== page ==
"SkyCycle : a revolutionary cycling infrastructure to transform London's transport network".
That's how it's announced by one of the developers, Space Syntax.
"Over 220 km of safe, car free cycle routes, high above London traffic. Can be accessed at over 200 entrance points".
But I don't think it is going to work. Not like this.
The great advantage of riding a bicycle is being able to move quickly through an urban environment, in full flexibility of movement. Skycycle will limit that.
Furthermore SkyCycle paths are high above ground, so you have to go up and down. Ramps and slopes, or vulnerable elevators. In any case, delay.
Sounds nice, a SkyCycle exit about every kilometre. But in practise, for your route, you will still have to ride for considerable distance through totally bike unfriendly streets. The 1/2 km left to cycle off-SkyCycle they mention is theoretical wishful thinking. It will be much more. And once "on the ground" the feeling of hazardous cycling will be the same as today.
In all, little will change I'm afraid. Cycling still limited for the young and the daring. Certainly not for a general public.
SkyCycle may be of some use for longer distance commuting, if your destination is directly at an exit. And if they have parking facilities for bikes there ! Not part of the plan, it appears.
And what about mopeds ? Couldn't find information on that point either.
If mopeds are allowed, these SkyCycle lanes will quickly become a mopeds paradise. Effectively chasing away cyclists.
And then, you may have to pay a toll for using the bicycle skylanes...
Sorry, SkyCycle being ever so high tech and dazzling, such an isolated straitjacket for cyclists will not work. As long as there's no improved infrastructure downstairs, and above all, as long as the attitudes of car drivers towards cyclist does not change. With Skycycle, car drivers are even less bound to get used to cyclists, since large scale cycling goes in isolation, "upstairs".
The London cycling situation, and the frustration of having to cycle in a "war zone" there, was brought to my attention by a group from London I cycled with in and around Amsterdam.
They were here for a project, studying Dutch bicycle infrastructure. Later, back in London, they were going to discuss the matter further with London city council officials. Interesting outline.
In a full day bike trip, I guided the group of about 20 students and supervisors through Amsterdam, the outskirts, and a bit of countryside. To get an overall view of Dutch bicycle infrastructure in different surroundings.
They told me that, sure, indeed was no even remotely comparable cycling infrastructure in London. But they considered the attitudes of car drivers an even greater problem. London drivers being not used to cyclists, reacting sometimes aggressively to their presence. Also, they have no idea at all of the vulnerability of cyclists.
Sounded like total lack of mutual understanding in all respects. And that's a serious basic problem.
It is an illusion that a better cycling infrastructure for London, or any other place, can be achieved without the motorist giving up some of the limited space. And that's not going to happen voluntarily.
The essential difference with London is that, especially over the last couple of decennia, the bicycle has generally been taken seriously by planners and authorities in Holland. For local short range transportation, and for longer distance.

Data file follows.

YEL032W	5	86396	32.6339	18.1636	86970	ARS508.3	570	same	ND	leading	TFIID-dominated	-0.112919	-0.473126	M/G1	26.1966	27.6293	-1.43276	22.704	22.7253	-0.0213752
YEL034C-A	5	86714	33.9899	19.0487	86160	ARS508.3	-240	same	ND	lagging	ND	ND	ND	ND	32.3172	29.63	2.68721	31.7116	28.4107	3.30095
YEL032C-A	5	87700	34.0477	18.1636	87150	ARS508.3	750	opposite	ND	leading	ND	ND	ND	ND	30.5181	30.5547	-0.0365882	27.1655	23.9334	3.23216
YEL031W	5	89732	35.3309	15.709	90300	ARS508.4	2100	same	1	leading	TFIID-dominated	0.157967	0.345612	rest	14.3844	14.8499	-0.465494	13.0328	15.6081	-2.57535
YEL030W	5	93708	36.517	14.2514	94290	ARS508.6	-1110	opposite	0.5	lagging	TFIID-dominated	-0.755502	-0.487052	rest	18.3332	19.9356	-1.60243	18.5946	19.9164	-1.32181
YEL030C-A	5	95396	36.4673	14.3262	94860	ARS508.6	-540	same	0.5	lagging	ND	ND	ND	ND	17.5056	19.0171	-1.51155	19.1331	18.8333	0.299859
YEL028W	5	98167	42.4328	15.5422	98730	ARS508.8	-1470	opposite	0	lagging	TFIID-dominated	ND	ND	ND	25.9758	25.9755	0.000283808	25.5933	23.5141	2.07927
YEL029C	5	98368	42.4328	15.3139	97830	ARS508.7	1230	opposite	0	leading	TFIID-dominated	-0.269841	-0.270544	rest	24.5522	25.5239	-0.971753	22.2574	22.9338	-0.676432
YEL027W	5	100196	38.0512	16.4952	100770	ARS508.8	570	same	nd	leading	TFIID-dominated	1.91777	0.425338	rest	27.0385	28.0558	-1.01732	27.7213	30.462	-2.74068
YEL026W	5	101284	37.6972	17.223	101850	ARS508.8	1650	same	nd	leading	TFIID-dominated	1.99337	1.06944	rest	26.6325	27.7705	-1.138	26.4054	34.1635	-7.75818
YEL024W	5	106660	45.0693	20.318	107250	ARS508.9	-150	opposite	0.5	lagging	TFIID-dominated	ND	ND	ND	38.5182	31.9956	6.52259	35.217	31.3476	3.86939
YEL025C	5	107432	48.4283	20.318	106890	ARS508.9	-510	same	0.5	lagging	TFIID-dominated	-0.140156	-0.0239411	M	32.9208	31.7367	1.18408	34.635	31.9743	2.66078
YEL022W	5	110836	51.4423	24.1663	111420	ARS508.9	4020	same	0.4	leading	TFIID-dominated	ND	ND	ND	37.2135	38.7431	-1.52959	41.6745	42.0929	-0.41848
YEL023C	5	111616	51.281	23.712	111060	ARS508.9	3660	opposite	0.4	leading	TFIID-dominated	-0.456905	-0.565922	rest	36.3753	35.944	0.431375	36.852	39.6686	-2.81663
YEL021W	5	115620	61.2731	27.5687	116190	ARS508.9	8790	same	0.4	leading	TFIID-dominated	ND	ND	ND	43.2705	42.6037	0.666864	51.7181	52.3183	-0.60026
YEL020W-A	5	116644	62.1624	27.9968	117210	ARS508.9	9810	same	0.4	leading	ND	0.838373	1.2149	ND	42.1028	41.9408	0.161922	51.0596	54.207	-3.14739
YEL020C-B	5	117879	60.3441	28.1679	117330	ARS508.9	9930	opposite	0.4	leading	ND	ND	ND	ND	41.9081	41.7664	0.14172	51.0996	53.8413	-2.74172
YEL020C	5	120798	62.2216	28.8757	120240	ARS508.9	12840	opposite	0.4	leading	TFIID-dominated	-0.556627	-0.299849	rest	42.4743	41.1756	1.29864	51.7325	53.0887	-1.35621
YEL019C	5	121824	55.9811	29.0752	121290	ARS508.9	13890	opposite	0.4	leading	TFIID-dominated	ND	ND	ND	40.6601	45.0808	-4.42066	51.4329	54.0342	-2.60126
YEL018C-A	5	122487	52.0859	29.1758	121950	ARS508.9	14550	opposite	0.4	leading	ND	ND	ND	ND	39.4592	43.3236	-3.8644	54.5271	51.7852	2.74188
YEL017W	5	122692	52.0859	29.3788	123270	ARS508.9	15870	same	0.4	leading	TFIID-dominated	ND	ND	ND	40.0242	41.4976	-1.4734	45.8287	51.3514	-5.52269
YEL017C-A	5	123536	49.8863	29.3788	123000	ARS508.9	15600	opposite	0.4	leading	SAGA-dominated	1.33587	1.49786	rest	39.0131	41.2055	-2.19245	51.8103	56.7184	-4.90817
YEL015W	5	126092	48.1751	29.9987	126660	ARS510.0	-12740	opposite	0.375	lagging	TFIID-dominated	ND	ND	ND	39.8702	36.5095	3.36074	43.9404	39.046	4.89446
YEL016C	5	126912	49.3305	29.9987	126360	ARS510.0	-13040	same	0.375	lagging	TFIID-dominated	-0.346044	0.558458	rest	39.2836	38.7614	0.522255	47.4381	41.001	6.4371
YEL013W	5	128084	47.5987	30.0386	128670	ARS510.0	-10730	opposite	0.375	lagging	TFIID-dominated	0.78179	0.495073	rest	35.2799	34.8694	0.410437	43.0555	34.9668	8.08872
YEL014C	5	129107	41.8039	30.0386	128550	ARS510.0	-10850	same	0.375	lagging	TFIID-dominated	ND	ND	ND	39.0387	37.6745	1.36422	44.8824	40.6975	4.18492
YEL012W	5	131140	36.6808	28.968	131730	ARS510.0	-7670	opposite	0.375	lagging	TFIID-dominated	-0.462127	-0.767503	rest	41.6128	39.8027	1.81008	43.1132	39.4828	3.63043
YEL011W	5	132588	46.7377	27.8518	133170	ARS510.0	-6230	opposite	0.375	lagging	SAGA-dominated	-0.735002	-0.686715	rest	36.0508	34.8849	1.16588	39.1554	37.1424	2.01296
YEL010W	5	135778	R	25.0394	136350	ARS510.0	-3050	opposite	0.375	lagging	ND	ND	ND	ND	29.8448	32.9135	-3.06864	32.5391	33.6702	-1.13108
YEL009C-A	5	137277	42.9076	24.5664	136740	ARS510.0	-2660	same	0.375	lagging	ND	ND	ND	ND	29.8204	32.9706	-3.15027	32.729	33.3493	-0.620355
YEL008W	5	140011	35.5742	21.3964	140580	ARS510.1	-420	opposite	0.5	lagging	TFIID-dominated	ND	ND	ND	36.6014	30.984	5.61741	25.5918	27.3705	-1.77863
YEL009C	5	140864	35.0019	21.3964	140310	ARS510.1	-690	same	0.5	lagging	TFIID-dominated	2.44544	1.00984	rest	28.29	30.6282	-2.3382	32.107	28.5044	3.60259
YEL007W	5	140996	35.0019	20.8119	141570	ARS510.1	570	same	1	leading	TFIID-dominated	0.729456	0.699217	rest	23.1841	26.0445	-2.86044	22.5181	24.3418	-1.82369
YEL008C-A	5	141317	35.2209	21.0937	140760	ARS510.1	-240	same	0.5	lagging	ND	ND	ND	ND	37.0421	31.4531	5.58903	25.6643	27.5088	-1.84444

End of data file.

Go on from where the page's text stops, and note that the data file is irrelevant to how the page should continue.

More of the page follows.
Actually, we do have our version of SkyCycle lanes. But then "on the ground floor". Not spectacular, but very efficient. And at a fraction of the costs.
An extensive system of signposted commuting routes has been developed over the years. For through cycling traffic. Radiating to and all through the city. With minimized direct contact with motorized traffic. Even in the city centre separate lanes for these main bike routes, where at roundabouts and junctions cyclists have priority.
In the suburbs, when main bike routes cross busy traffic, it's often on a different level, tunnel or bridge for bicycles. Or at least bike friendly crossings with adapted traffic lights.
In any case, ground floor means that you can get off the main bike route any time anywhere. Into the streets were regular traffic rules apply, meaning that car and bicycle have the same rights.
Of course, also off the main bike routes you'll often find bike paths, or at least a cycle lane painted on the street. But cyclist don't have right of way here.
Anyway, on a bike in the centre of Amsterdam, you can move around rapidly, and in full flexibility. Much faster than by car or public transportation.
My guests found Amsterdam and surroundings a cyclists paradise. Probably true compared to London, but overall exaggerated, of course. Still plenty of room for improvement. While other cities in the Netherlands have a far better cycling infrastructure than Amsterdam.
Now, don't believe for a minute that it is all unchallenged, or self-evident, and came about without struggle. See bike history on this website.
But it cannot be denied that the approach is successful, considering the prominent position of the bicycle in city traffic.
On the other hand, overcrowded bike paths, combined with the Dutch fondness of (cycling) anarchy brings other problems of its own.
There's no heaven on this earth...
"The SkyCycle approach is revolutionary, and has potential applications in cities around the world," developer Space Syntax says.
Hope not. Imagine such a system above our historical European city centres ?
Unthinkable, even barbaric, I would say.